Presentation and Outcomes of Infants With Idiopathic Cholestasis: A Multicenter Prospective Study

Childhood Liver Disease Research Network (ChiLDReN)

Research output: Contribution to journalArticlepeer-review

4 Scopus citations


OBJECTIVES: The aim of the study was to determine the frequency and natural history of infantile idiopathic cholestasis (IC) in a large, prospective, multicenter cohort of infants. METHODS: We studied 94 cholestatic infants enrolled up to 6 months of age in the NIDDK ChiLDReN (Childhood Liver Disease Research Network) "PROBE" protocol with a final diagnosis of IC; they were followed up to 30 months of age. RESULTS: Male sex (66/94; 70%), preterm birth (22/90 with data; 24% born at < 37 weeks' gestational age), and low birth weight (25/89; 28% born at <2500 g) were frequent, with no significant differences between outcomes. Clinical outcomes included death (n = 1), liver transplant (n = 1), biochemical resolution (total bilirubin [TB] ≤1 mg/dL and ALT < 35 U/L; n = 51), partial resolution (TB > 1 mg/dL and/or ALT > 35 U/L; n = 7), and exited healthy (resolved disease per study site report but without documented biochemical resolution; n = 34). Biochemical resolution occurred at median of 9 months of age. GGT was <100 U/L at baseline in 34 of 83 participants (41%). CONCLUSIONS: Frequency of IC and of death or liver transplant was less common in this cohort than in previously published cohorts, likely because of recent discovery and diagnosis of genetic etiologies of severe/persistent cholestasis that previously were labeled as idiopathic. Preterm birth and other factors associated with increased vulnerability in neonates are relatively frequent and may contribute to IC. Overall outcome in IC is excellent. Low/normal GGT was common, possibly indicating a role for variants in genes associated with low-GGT cholestasis-this warrants further study.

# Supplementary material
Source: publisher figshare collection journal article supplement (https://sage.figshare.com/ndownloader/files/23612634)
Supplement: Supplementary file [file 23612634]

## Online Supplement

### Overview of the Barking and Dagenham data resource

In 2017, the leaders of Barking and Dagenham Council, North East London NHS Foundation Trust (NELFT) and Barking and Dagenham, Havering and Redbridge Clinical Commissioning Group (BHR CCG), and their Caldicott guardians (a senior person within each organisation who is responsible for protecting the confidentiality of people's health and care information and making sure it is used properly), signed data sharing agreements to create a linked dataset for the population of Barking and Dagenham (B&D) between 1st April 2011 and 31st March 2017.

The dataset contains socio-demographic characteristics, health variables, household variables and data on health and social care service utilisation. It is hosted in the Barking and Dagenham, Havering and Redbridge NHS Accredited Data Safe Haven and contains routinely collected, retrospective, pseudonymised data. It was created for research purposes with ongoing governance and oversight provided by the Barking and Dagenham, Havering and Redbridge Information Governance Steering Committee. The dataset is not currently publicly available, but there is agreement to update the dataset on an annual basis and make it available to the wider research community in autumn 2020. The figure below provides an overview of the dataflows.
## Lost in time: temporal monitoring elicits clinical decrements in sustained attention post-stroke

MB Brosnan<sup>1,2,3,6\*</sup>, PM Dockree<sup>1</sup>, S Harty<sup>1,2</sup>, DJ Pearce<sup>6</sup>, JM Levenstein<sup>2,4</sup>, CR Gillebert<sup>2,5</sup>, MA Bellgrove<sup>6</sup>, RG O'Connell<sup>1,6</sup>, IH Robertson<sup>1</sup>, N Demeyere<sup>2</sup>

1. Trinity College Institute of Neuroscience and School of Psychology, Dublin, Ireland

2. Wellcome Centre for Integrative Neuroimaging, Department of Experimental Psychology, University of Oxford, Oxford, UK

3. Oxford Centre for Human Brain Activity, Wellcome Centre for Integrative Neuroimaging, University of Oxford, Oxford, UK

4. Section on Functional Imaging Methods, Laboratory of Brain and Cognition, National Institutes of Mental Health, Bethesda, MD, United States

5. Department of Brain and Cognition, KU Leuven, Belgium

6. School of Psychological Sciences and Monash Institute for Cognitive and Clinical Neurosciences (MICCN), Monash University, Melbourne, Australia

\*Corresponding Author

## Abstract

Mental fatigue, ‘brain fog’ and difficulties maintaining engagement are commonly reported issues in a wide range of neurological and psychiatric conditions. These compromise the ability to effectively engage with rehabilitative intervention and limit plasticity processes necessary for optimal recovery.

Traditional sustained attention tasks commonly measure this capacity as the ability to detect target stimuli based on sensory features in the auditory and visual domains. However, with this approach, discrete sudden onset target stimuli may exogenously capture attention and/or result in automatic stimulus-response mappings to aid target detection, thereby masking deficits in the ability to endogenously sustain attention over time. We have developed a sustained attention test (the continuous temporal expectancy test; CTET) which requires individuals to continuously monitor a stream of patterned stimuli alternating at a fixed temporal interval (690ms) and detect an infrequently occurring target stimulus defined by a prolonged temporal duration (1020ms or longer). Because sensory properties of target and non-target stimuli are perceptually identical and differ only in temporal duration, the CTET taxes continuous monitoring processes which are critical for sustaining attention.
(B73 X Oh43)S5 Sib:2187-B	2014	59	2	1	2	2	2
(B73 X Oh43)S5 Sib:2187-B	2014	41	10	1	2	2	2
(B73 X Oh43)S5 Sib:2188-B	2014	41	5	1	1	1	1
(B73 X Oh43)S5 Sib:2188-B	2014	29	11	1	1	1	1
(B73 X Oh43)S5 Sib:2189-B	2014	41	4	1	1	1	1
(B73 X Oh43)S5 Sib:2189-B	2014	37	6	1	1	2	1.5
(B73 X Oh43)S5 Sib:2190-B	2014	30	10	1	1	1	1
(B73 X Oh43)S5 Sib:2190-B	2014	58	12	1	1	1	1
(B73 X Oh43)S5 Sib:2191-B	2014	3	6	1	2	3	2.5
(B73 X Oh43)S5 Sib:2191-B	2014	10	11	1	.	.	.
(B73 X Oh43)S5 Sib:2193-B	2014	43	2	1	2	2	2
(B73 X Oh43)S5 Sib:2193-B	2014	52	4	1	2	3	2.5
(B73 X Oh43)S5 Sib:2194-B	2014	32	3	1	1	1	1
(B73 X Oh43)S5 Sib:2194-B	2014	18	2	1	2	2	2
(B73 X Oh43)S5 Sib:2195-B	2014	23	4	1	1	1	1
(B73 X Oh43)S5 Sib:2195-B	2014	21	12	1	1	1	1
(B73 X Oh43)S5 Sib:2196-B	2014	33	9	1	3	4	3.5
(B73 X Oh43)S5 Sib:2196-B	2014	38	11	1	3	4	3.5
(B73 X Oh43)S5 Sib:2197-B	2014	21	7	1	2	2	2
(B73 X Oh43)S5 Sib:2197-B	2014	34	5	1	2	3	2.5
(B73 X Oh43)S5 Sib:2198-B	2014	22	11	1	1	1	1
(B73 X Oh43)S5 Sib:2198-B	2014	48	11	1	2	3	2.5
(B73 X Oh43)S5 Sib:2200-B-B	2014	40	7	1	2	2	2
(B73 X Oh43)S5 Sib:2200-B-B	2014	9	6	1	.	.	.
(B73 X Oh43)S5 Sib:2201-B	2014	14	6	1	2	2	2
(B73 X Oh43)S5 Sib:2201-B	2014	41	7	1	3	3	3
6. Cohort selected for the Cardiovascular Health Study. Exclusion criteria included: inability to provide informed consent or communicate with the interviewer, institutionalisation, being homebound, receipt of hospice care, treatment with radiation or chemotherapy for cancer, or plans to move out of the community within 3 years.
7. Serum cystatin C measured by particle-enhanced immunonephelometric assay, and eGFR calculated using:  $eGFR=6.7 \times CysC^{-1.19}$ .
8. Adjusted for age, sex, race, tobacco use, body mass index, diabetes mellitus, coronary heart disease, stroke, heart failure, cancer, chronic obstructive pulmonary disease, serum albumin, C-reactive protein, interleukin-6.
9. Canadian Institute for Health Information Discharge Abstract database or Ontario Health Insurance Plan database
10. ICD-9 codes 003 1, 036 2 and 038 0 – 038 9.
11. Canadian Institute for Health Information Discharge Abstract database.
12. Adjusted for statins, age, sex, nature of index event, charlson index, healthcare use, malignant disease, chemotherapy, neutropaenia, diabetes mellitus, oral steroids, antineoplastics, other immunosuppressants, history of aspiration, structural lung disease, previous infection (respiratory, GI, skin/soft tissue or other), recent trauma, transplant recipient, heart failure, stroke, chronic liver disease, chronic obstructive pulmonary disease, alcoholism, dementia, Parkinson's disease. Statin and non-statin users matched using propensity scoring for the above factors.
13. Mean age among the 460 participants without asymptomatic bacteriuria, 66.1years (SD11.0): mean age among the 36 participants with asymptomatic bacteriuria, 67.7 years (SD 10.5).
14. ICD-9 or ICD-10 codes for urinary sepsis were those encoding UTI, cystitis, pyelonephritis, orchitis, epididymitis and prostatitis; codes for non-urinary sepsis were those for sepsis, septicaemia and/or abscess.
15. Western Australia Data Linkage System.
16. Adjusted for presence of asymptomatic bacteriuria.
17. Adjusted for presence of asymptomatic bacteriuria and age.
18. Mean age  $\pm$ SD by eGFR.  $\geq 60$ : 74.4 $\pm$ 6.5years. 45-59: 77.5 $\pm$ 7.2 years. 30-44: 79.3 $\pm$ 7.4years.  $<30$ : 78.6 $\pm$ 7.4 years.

Original languageEnglish (US)
Pages (from-to)478-484
Number of pages7
JournalJournal of pediatric gastroenterology and nutrition
Issue number4
StatePublished - Oct 1 2021
Externally publishedYes

ASJC Scopus subject areas

  • Pediatrics, Perinatology, and Child Health
  • Gastroenterology


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